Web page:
Me Before You

Now, this must have been a good book. My friend Jojo Moyes wrote it and she’s very smart and it was a huge hit and everyone who’s read it tells me it was great, in its own tear-jerking way.

I’m all for popular books capturing a mood and Jojo writes with acuity and accessibility, from what I’ve read of her books, although I haven’t tried Me Before You**, I confess.

But why did they have to make it such a vanilla movie? It didn’t need to have been this bad, really. It could have been a bit more intelligent, to be honest, but you can feel the fear that it should be a bit of a blockbuster and there’s the dread odour of mid-market compromise wafting through every scene.

First, Emilia Clarke isn’t adorable in the lead. She wiggles her eyebrows, she bares her teeth like a talking horse and she stammers a lot, like a female Hugh Grant impersonator. Her family are all poorly drawn characters around her, particularly Jenna Coleman as her sister.

Then Sam Claflin, as the quadriplegic hero Will, who’s just a bit of an arsehole, really. I didn’t like him. Able-bodied he was a privileged, golden boor of a City boy; in a wheelchair, he’s such a self-absorbed snob, it’s actually hard to pity him.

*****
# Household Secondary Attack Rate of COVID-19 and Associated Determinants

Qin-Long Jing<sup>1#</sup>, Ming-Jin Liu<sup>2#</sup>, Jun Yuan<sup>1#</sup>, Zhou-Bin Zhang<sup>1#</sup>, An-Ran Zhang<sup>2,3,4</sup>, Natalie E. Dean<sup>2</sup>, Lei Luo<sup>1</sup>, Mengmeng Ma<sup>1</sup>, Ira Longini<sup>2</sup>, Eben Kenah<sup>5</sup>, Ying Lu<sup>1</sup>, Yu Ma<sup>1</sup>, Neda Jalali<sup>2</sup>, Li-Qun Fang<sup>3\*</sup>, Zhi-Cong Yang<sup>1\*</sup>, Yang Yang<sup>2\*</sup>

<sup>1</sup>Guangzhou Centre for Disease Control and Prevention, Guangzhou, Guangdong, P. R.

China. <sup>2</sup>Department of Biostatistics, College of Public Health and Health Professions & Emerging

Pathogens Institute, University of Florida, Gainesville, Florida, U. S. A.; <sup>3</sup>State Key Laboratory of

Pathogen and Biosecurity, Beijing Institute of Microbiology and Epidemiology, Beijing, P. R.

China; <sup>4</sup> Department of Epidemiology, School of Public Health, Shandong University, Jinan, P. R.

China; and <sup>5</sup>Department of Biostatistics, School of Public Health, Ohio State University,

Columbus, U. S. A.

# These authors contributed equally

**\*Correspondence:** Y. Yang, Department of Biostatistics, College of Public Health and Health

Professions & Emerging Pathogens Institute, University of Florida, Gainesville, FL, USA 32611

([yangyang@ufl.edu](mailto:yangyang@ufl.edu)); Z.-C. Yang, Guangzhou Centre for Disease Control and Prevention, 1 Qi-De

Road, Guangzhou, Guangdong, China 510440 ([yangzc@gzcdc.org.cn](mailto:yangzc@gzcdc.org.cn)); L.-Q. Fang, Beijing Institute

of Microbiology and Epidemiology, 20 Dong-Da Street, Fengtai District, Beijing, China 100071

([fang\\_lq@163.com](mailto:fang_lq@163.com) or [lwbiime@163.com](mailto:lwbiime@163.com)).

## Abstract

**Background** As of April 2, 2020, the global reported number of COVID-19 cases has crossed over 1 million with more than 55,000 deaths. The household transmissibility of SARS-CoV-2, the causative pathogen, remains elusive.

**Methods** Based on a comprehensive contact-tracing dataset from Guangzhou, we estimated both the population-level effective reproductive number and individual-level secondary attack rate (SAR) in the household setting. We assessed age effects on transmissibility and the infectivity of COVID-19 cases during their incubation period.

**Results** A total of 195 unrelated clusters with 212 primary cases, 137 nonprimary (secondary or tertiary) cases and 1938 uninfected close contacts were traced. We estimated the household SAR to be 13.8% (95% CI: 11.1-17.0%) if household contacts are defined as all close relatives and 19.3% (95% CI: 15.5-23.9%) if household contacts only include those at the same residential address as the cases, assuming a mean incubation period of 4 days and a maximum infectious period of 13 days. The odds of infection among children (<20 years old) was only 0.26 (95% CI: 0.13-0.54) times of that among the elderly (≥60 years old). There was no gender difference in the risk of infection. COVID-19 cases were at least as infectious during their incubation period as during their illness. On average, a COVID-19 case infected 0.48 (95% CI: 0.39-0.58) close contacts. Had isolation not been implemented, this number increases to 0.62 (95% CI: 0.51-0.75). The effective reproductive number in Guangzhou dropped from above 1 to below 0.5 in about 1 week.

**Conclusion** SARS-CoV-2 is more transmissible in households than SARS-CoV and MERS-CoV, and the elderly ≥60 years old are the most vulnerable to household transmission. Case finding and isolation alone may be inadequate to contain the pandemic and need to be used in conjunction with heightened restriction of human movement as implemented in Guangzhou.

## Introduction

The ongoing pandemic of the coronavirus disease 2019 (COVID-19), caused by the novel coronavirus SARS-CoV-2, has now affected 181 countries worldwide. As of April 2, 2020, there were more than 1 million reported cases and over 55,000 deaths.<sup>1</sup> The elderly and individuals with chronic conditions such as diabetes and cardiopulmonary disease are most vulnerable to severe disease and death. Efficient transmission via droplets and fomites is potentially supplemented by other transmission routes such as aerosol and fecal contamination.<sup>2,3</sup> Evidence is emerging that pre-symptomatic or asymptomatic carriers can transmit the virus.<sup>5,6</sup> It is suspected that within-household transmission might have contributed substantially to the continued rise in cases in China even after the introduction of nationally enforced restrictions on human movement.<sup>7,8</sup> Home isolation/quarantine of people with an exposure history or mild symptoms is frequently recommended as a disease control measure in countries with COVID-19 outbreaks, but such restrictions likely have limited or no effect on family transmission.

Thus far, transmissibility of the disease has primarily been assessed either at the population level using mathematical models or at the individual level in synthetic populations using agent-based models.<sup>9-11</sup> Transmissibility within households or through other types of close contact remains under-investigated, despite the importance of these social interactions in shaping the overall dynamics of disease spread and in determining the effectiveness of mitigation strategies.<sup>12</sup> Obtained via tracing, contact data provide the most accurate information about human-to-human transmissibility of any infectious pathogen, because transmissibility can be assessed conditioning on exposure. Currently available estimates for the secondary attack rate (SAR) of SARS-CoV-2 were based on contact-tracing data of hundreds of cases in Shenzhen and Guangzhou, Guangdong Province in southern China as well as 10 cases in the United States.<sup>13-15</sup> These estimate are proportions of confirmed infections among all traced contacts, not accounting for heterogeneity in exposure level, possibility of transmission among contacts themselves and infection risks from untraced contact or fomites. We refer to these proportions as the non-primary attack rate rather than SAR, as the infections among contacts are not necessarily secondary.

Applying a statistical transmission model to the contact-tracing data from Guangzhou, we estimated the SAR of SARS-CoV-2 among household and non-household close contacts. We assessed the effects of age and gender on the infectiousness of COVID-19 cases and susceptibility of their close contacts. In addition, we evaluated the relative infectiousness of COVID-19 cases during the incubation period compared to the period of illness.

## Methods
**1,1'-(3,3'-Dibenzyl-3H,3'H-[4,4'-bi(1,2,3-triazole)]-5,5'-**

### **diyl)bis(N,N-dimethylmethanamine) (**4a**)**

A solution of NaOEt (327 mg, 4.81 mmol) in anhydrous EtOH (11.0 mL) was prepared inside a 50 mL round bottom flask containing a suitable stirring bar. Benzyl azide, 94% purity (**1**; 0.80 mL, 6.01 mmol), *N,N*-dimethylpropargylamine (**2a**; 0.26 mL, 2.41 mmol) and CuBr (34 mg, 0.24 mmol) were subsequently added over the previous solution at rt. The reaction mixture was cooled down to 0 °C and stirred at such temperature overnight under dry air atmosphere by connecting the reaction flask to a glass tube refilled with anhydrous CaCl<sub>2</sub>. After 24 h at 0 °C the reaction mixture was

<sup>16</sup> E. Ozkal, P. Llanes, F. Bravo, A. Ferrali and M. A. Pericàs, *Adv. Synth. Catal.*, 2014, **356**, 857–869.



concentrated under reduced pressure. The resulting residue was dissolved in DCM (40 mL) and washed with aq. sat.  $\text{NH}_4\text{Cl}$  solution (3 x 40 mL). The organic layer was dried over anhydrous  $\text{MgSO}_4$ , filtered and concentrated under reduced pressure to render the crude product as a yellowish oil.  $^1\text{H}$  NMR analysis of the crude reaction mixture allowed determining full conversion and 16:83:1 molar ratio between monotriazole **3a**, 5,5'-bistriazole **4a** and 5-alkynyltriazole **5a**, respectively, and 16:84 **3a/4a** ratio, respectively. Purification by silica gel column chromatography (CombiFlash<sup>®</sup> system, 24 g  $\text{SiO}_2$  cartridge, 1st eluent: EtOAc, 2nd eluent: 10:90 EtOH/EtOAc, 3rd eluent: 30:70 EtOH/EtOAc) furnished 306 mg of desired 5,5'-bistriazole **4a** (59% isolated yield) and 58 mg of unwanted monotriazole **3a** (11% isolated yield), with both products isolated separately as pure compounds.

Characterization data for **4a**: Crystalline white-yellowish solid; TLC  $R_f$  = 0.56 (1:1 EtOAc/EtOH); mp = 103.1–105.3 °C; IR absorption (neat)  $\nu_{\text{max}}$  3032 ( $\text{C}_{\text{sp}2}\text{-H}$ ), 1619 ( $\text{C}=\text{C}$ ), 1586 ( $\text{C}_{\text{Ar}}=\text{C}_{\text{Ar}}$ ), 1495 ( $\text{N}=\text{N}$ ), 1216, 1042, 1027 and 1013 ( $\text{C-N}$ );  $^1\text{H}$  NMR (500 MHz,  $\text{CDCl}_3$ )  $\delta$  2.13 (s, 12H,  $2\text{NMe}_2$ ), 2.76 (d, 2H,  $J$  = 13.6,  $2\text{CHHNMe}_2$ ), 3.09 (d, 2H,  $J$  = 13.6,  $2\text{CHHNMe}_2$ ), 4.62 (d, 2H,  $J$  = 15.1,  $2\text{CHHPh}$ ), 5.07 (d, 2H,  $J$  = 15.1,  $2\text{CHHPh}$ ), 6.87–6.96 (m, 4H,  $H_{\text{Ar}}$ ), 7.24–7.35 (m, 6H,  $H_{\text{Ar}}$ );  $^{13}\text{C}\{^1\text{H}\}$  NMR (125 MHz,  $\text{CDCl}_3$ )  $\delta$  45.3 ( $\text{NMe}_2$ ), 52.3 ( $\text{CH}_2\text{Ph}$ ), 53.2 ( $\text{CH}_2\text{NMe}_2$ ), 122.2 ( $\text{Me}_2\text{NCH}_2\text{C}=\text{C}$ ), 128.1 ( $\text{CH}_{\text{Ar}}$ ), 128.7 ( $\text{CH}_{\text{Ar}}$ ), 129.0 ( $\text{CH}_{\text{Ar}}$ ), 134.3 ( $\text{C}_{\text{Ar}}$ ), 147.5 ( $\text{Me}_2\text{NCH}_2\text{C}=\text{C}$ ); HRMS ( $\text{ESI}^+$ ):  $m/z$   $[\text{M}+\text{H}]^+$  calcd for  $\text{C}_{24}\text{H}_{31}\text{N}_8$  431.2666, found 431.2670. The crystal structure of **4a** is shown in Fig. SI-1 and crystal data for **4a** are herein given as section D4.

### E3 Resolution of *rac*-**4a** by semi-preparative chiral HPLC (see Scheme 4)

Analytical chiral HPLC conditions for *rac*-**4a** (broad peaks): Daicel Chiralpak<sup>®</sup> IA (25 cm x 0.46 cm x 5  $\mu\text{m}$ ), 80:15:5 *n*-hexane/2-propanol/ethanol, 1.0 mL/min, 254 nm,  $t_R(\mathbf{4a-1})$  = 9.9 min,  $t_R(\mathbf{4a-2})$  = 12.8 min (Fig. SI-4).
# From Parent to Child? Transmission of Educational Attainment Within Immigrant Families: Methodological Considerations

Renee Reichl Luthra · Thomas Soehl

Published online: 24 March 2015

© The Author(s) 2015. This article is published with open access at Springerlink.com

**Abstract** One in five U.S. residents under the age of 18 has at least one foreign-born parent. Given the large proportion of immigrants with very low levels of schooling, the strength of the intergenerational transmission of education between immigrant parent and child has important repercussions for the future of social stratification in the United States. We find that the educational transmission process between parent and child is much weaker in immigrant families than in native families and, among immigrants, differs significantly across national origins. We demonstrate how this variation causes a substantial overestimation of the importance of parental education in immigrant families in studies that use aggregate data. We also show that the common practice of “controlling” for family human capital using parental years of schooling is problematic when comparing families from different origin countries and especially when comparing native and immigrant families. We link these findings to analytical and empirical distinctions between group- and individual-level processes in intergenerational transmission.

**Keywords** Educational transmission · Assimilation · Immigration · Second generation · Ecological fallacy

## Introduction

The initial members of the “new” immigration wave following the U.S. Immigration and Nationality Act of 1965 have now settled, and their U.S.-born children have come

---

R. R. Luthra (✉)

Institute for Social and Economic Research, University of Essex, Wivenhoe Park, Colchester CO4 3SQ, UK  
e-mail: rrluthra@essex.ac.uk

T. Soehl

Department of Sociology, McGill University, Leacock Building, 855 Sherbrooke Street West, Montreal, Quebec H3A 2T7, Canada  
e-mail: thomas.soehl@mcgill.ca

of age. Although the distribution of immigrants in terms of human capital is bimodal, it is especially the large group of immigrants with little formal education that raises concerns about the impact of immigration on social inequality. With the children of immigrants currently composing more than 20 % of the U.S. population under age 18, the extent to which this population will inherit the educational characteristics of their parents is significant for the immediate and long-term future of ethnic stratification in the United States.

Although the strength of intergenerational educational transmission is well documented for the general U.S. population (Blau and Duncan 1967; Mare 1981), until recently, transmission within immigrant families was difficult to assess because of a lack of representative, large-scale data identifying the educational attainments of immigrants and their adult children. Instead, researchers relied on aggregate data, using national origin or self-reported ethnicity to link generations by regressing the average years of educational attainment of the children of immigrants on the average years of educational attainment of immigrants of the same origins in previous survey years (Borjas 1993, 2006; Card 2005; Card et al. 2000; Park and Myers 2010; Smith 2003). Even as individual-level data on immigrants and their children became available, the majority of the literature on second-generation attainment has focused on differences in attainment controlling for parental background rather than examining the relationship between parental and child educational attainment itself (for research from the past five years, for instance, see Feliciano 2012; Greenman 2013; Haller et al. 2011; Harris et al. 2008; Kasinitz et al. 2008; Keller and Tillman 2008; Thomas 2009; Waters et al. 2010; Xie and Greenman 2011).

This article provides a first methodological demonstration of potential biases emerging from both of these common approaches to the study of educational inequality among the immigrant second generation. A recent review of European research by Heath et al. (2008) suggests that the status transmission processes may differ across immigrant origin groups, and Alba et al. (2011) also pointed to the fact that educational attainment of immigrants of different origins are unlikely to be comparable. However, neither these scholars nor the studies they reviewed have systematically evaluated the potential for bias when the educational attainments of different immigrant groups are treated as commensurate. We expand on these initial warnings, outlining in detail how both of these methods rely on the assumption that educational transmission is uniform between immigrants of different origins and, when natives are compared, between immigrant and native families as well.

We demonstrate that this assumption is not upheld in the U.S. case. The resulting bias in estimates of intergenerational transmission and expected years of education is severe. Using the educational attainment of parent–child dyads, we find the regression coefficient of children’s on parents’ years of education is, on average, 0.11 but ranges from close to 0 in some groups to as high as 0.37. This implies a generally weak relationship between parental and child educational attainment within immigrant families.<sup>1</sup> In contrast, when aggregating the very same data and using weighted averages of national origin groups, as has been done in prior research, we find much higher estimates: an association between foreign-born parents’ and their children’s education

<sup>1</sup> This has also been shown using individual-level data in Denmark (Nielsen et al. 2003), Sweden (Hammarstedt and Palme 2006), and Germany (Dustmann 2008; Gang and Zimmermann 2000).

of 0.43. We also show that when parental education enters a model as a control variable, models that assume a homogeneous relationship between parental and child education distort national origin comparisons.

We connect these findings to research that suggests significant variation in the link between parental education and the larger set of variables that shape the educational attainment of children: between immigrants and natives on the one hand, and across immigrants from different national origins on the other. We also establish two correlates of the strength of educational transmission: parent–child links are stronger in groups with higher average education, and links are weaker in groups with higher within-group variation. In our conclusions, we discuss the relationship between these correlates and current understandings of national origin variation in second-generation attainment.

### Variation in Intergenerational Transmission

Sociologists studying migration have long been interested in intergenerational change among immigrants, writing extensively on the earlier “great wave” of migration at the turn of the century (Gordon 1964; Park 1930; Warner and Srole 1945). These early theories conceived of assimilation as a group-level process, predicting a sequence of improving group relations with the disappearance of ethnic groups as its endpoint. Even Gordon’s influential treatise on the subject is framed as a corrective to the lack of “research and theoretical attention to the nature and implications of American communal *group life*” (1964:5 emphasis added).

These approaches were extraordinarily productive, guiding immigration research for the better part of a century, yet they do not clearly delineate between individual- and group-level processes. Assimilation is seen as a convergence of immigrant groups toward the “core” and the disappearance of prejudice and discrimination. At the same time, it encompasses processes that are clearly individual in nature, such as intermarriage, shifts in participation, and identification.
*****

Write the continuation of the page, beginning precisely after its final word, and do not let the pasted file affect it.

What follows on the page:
Plus, he insists on calling the girl “Clark” all the time, like she was his butler or his pupil. Which makes all the cultural education – watch this subtitled film (Des Hommes et Des Dieux, would you believe, a film about stoic monks under seige), listen to Mozart – rather yucky and her falling in love with him (he owns the local castle and is filthy rich and his parents are Charles Dance and Janet McTeer)) all a bit dubious in the modern sexual politics minefield.

Or maybe it doesn’t. What do I know? Obviously millions of women around the world have loved this fairy tale, Pretty Woman-ish, take on love and death.

I wouldn’t have minded if the film had made me laugh or cry. But it didn’t because it sinks into blandness, lighter than a Richard Curtis doodle. The Radio 2 afternoon-friendly soundtrack alone should tell you where it goes wrong – seriously, every track chosen underlines its scene as if with double thick marker pen, so when they kiss under a thousand stars, it’s actually while Ed Sheeran is singing: “kiss me under the light of a thousand stars”.

The film, directed by Thea Shamrock and using Jojo’s own screenplay, does try to paint Louisa Clark as a kooky individual, with her montage of odd fashion outfits every time she comes to push the wheelchair about a bit,  but it actually makes her annoying and unlikeable, so you don’t admire her for leaving her fitness-obsessed boyfriend Patrick. I’m sure all her decisions are a lot more complex in the novel, but the screenplay does her few favours.

And it’s not particularly inspiring to see she that what she finally learns from  is some of the arrogant selfishness she really needs to get on and follow her own path.

That might have worked in the book, but it all looks a bit naff and dull on the screen.

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